But I am certain about one thing: this article made me actually feel proud about the dismal (charming?) state of our bathrooms. Alfredo, Ruby Room and Radio Bar.
To enlighten those who don't know...
Ramar Foods is the company that pirated the Magnolia logo and brand of ice cream from the Philippines.
Most Filipinos in the United States assume that the "Magnolia" products they see are related to what they grew up with in the Philippines. NOPE... And don't believe the canard that Ramar Foods is a licensed distributor. They are neither licensed nor a distributor.
The "Magnolia" products in the USA with the familiar oval logo is NOT of the Philippines. Niloloko lang ng Ramar Foods at ng Quesada family tayong mga tunay na Pinoy. Huwag kayong mapada-leh.
Tingnan ninyo ang label. It has no San Miguel.
PJ Quesada registered the "Filipino Food Movement" as a non-profit (disgraceful tactic) in order to shield his family's company from criticism for their brand piracy and trademark squatting. This company Ramar built itself based on the theft of Philippine intellectual property. Not just Magnolia, but the Pampanga's Best name as well.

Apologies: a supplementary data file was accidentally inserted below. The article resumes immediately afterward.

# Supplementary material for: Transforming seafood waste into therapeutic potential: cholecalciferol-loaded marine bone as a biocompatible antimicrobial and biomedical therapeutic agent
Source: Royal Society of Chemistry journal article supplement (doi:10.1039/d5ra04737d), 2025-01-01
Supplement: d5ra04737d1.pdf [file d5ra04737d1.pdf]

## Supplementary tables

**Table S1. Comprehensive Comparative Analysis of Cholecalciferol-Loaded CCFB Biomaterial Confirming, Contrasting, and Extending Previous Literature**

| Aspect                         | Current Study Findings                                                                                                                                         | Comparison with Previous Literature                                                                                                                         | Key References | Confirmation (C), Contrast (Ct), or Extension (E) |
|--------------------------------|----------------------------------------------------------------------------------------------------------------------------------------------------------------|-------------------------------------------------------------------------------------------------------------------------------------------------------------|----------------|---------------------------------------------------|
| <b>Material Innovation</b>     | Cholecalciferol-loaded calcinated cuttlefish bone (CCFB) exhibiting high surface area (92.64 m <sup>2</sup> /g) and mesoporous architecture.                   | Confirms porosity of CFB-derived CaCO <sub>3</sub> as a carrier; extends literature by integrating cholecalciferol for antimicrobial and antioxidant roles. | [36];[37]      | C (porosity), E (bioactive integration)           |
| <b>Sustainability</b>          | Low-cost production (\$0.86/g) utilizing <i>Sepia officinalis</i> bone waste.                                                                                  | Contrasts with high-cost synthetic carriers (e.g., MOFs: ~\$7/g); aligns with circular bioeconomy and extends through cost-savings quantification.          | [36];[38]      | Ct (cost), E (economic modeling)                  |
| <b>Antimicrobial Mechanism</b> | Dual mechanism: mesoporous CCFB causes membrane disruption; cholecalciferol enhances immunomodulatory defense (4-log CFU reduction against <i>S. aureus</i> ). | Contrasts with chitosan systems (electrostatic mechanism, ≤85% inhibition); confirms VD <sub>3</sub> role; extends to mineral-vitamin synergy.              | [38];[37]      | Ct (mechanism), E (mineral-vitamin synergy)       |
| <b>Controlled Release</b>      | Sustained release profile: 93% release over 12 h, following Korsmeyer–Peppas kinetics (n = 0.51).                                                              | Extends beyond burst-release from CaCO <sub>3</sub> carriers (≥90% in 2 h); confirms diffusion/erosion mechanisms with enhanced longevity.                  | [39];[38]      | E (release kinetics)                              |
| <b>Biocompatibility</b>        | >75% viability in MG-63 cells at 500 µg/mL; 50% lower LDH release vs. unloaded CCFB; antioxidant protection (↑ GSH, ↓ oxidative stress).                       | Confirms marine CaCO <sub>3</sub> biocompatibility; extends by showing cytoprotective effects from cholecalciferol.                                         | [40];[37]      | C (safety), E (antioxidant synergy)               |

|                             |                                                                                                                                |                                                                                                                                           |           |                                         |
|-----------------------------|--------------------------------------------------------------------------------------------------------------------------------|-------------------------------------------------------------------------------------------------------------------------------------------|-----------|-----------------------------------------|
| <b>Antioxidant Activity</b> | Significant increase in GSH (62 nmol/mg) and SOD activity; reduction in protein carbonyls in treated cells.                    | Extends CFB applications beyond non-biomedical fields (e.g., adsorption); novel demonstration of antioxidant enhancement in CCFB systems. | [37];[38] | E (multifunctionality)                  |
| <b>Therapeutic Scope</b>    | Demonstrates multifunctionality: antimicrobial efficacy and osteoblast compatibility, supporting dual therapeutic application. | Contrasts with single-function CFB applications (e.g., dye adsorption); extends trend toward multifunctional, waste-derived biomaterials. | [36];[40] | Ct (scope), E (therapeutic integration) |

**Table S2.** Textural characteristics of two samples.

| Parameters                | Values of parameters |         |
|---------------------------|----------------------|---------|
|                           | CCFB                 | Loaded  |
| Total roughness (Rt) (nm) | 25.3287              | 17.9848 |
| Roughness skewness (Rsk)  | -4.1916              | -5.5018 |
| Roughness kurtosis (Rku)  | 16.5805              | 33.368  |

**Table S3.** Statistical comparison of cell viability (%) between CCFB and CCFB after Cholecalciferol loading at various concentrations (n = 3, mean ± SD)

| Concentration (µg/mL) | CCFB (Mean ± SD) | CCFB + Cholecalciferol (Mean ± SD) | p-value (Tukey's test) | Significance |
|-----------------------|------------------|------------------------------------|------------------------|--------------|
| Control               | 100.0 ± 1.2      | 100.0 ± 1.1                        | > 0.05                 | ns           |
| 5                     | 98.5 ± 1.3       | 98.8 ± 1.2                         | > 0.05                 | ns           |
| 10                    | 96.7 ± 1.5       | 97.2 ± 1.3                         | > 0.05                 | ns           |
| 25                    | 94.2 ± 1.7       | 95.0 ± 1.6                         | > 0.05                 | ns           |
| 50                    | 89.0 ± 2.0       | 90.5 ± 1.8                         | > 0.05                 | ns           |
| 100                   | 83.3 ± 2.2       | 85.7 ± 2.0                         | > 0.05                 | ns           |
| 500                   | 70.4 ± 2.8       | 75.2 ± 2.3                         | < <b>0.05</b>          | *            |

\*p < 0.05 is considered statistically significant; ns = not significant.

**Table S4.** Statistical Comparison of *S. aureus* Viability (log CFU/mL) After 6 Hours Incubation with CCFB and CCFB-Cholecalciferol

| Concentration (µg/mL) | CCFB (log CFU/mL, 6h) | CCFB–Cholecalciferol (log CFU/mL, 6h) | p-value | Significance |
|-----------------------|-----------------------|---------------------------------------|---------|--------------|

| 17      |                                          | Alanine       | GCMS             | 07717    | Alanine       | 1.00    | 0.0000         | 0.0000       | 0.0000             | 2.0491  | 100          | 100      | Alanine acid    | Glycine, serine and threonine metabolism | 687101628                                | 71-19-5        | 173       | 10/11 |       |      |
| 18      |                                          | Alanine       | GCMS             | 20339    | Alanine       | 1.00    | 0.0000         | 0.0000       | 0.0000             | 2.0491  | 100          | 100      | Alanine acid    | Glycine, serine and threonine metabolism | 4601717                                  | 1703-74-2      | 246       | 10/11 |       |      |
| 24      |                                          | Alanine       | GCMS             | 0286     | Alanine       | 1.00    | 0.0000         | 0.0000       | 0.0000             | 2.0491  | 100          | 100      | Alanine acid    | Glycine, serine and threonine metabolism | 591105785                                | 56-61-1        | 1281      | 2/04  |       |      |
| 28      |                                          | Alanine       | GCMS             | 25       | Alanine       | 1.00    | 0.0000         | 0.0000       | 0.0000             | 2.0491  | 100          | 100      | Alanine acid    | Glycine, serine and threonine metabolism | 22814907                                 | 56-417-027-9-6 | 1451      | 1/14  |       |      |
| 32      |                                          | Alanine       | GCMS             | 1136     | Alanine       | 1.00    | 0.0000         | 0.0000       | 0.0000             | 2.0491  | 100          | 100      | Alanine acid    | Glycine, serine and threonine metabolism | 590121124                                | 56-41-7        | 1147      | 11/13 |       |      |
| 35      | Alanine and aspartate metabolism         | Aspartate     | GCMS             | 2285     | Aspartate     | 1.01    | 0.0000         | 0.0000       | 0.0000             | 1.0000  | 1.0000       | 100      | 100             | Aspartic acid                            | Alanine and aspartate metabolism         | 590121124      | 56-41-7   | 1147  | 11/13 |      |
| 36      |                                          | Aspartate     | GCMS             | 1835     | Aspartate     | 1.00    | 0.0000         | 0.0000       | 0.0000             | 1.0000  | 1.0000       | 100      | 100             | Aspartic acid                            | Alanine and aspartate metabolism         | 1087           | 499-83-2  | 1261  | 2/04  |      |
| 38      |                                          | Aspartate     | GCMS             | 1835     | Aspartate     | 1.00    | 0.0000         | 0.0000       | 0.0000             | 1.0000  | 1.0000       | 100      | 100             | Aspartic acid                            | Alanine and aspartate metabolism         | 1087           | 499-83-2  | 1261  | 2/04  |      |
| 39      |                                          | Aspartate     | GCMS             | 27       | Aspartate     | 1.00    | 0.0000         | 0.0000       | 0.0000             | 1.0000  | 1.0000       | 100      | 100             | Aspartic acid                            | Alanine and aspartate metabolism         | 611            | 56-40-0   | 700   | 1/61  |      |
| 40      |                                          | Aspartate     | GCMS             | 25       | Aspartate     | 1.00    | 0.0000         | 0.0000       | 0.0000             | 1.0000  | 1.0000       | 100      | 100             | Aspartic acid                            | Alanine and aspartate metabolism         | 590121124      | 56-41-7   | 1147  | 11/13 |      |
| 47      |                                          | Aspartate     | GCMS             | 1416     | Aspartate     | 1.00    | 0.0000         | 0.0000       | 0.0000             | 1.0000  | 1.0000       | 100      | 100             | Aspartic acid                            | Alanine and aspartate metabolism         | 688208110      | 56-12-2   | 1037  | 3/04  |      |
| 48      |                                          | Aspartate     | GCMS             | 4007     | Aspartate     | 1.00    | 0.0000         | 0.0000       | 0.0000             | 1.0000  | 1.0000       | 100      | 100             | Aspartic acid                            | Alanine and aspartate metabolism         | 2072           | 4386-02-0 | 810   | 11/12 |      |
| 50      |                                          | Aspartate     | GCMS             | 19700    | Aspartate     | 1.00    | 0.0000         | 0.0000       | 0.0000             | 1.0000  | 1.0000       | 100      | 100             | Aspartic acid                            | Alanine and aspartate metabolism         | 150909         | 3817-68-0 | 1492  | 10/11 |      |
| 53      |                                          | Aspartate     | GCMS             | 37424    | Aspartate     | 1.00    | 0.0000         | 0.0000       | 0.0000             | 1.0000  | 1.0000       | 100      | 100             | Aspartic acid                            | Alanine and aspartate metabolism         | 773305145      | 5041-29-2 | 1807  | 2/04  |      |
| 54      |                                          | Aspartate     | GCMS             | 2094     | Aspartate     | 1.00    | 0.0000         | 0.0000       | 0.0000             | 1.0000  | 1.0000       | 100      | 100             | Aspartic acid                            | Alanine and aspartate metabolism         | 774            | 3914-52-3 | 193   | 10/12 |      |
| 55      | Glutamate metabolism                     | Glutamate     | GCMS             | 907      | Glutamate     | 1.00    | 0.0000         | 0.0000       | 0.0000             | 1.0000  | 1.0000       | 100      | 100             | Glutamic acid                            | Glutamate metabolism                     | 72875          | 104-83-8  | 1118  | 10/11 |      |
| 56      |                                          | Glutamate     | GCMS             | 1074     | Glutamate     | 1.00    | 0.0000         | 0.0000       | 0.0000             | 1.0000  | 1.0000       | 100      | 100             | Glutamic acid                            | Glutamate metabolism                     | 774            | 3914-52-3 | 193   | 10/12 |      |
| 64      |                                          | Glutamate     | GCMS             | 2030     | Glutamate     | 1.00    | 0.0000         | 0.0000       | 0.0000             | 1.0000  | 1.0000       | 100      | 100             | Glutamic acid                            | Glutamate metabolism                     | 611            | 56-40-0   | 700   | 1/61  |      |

Research it. Be informed consumers. Don't be hoodwinked by this Savor Filipino group -- imagine, pati ang AlDub Nation dinamay pa nila dito. Kesho ang mga Pilipinong sumusuporta sa ADN ay wala daw karapatang to talk about Filipino food. Eh, sila? Ni Tagalog ni Cebuano ni Kapampangan o anupamang wika sa Pilipinas, hindi sila makapagsalita ni katiting.
Nagpapanggap lang sina PJ Quesada na Pilipino daw sila para kuwartahan ang mga tunay na Pinoy na walang kamuang-muang sa pinaggawa ng Ramar.
Huwag tangkilikin ang produkto ng mga nagnakaw sa Pilipinas!!
Don't forget King's X turned Kona Club.
Hey Pilar, this is Kolin, former owner of Easy Lounge / The New Easy. First of all, I wanted to commend you on what I generally think is a fair article.
That said, I'm hoping that I can give you and your readers an outsiders perspective on the changing bar scene in Oakland. I moved to Portland a few years ago, and since I have no vested interest in the "scene" in Oakland anymore, I hope this can be more objective than had I still been involved in the industry there.
Ruby Room and Radio should be given credit where credit is due. Prior to these bars arrivals, Oakland was strictly a blue collar kind of drinking town, whether in the Caucasian (McNally's) or African American (Serenader) vein. Of course, there was cross pollination, but one way or the other bars catered to an older kind of crowd. Radio & Ruby seized on the opportunity of more and more young creative people looking for breathing room across the Bay. They truly were the first wave of evolution.